Budget debates

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VAT increase regressive

The budget was also discussed in the Seanad (Seanad Eireann, Debates,  6th December 2011, 44-73; 13th December, 328 – 365; 15th December 2011, 441-498).  Katharine Zappone (ind, Taoiseach nominee), questioned the balance between tax increases and spending cuts and whether it would lead to a more inclusive society.  Those with wealth and economic security should share more of their resources with those experiencing poverty and social exclusion, she argued, which was not only more equal and fair, but was a more solid formula for economic prosperity, as countries like Norway and Finland demonstrated.  She commended a number of aspects of the budget, such as maintaining social welfare rates and reducing the social charge for the lower paid, but challenged the decision to increase VAT to 23%, for there was solid evidence that the current VAT rate was highly regressive.  Even at 21%, there was evidence that lower household incomes paid a higher proportion on VAT. Marie Moloney (Lab, labour) spoke of her grave reservations about the effect of budgetary changes on people with profound or severe disabilities and the role of the domiciliary care allowance, saying that we had had several years to deal with the issue before.


On the Social welfare Bill, 2011, David Norris (ind, Dublin University), objected to the Bill being called a social ‘welfare’ Bill, arguing that the term ‘social devastation’ was more appropriate.  It reminded him of the ‘safe zones’ during the Balkan war, because that was there lives were destroyed.  He quoted Barnardos’ claim that the budget would push many more children into poverty.  ‘We cannot slash, tax and cut our way out’, he argued and the present approach would have an appalling impact, compounded by the fact that one of the people most involved in this was being appointed to a position in Europe with a 50% increase and he wanted to commend the courageous Nessa Children for pointing this out.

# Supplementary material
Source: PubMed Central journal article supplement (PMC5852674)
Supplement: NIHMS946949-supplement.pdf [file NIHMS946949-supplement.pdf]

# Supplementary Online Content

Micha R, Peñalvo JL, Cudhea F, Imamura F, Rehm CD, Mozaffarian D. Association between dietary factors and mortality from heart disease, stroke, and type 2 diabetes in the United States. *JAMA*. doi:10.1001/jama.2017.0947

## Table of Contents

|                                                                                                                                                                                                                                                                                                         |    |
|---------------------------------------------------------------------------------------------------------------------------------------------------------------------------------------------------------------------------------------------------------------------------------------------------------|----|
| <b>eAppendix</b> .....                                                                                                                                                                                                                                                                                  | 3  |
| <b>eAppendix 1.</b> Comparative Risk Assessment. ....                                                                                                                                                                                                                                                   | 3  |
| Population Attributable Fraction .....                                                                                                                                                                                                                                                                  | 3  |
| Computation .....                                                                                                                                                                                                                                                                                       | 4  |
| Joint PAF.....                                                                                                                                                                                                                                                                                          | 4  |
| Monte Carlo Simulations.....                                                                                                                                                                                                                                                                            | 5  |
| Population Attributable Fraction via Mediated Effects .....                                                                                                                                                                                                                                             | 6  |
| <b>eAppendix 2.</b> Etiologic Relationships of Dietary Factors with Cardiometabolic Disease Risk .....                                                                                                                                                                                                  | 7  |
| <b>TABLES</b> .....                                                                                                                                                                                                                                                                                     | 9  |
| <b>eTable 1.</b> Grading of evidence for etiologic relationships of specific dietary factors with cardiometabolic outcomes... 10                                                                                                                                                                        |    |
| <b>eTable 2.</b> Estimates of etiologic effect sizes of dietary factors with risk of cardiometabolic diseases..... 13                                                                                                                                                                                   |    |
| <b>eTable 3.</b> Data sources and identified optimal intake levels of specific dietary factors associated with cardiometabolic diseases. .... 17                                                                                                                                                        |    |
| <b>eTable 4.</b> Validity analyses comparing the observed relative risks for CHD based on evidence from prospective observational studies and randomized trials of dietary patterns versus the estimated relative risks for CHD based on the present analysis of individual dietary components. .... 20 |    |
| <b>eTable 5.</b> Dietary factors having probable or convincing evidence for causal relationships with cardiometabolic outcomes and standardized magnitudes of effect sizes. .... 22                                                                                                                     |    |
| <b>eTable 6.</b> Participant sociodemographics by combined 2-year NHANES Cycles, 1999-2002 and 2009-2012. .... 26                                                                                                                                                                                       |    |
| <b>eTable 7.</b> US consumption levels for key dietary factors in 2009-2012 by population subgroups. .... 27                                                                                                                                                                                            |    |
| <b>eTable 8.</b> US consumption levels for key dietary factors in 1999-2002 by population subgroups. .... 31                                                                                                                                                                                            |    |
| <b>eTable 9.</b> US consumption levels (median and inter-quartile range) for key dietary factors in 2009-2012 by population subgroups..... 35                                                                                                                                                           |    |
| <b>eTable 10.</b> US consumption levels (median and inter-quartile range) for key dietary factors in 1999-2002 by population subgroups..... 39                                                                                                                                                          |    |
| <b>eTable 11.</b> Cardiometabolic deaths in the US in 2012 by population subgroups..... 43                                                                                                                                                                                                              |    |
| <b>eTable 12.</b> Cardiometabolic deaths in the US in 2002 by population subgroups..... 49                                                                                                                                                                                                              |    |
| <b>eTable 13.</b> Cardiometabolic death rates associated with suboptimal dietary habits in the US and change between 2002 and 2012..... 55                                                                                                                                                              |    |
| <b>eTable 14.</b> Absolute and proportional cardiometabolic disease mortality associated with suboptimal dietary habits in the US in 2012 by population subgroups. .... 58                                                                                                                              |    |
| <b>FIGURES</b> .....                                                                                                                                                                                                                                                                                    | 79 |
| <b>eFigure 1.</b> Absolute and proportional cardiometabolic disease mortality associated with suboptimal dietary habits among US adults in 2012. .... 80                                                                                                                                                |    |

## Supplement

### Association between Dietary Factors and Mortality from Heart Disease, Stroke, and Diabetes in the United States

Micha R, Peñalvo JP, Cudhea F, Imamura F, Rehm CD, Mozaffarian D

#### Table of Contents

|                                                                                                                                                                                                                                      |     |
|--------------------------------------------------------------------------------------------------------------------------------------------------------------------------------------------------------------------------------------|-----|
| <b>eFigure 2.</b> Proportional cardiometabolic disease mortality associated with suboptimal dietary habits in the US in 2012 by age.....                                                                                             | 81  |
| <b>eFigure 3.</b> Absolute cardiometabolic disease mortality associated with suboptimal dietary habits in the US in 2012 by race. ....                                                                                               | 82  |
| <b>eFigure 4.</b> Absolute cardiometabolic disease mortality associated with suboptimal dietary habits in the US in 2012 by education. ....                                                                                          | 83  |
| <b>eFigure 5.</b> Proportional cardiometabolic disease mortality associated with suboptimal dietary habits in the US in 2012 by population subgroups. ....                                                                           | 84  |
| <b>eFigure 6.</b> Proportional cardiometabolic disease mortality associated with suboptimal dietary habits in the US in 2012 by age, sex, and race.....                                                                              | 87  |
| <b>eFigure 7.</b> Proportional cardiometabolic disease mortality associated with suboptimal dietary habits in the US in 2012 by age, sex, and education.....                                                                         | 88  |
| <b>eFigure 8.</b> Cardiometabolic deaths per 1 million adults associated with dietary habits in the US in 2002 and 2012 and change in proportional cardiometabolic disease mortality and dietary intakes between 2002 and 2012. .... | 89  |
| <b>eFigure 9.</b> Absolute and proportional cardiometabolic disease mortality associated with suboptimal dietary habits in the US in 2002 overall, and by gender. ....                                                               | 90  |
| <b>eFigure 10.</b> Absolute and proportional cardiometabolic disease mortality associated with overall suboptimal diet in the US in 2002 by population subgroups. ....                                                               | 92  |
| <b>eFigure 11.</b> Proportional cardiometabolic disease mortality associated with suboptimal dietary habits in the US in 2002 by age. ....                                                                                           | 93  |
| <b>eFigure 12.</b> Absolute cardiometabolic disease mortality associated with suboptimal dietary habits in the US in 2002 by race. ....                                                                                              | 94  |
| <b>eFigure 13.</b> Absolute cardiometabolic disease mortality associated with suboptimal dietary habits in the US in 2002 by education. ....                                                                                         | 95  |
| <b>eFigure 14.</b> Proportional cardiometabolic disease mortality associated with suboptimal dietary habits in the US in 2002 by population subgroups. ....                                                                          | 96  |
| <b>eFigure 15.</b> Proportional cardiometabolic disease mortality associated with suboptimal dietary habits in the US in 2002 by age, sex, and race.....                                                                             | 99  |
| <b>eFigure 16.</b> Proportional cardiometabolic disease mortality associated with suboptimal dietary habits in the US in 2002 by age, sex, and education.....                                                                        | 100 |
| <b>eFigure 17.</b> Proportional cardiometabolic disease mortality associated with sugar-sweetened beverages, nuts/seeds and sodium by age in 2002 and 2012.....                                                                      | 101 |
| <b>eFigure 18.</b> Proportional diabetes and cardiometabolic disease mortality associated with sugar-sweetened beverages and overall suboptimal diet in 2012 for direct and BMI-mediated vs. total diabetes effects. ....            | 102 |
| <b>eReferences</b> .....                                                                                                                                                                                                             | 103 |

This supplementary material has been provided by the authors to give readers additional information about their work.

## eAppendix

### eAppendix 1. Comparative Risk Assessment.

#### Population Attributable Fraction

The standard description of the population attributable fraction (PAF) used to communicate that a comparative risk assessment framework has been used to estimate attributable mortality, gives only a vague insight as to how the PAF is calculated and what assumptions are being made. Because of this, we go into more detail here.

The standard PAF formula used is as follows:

Demand for the services of Focus Ireland was up 18% and the Society of St Vincent de Paul reported something similar.  What does this tell the minister?  The most commonly presenting issues were help with food, fuel, education and housing costs.  These were basic requirements.  ‘Forget about cherishing all the children of the nation equally: allow them to survive’, he pleaded.  He had heard of many bogus excuses being given to deny people social welfare.  He criticized the government for its comments on Sinn Fein’s analysis: I do not like political point-scoring when people were being driven to the edge of poverty and their comments had been mild, well-manned, well targeted and presented respectfully, he stated.


Ivanna Bacik (ind, Dublin University), commended the minister for preserving the basic rates of welfare during an economic crisis.  Fianna Fail would have made a €665m adjustment, not €475m.  She welcomed the move from a dependency culture to one of enablement and empowerment.  She had received letters from organizations such as OPEN and the Irish Feminist Network, the aims of which she fully supported.  Over the years that it had been in operation, the one-parent family payment had not had the desired effect of tackling poverty and social exclusion for single-parent families and it was time this payment was examined and efforts made to reform it.  The reduction in payment age was based on the notions of supporting the route out of poverty through paid employment, reducing the stereotyping of one-parent families and the way in which fathers had been kept away from children, but we must ensure that supports were available in child care provision, where this country had always been poor.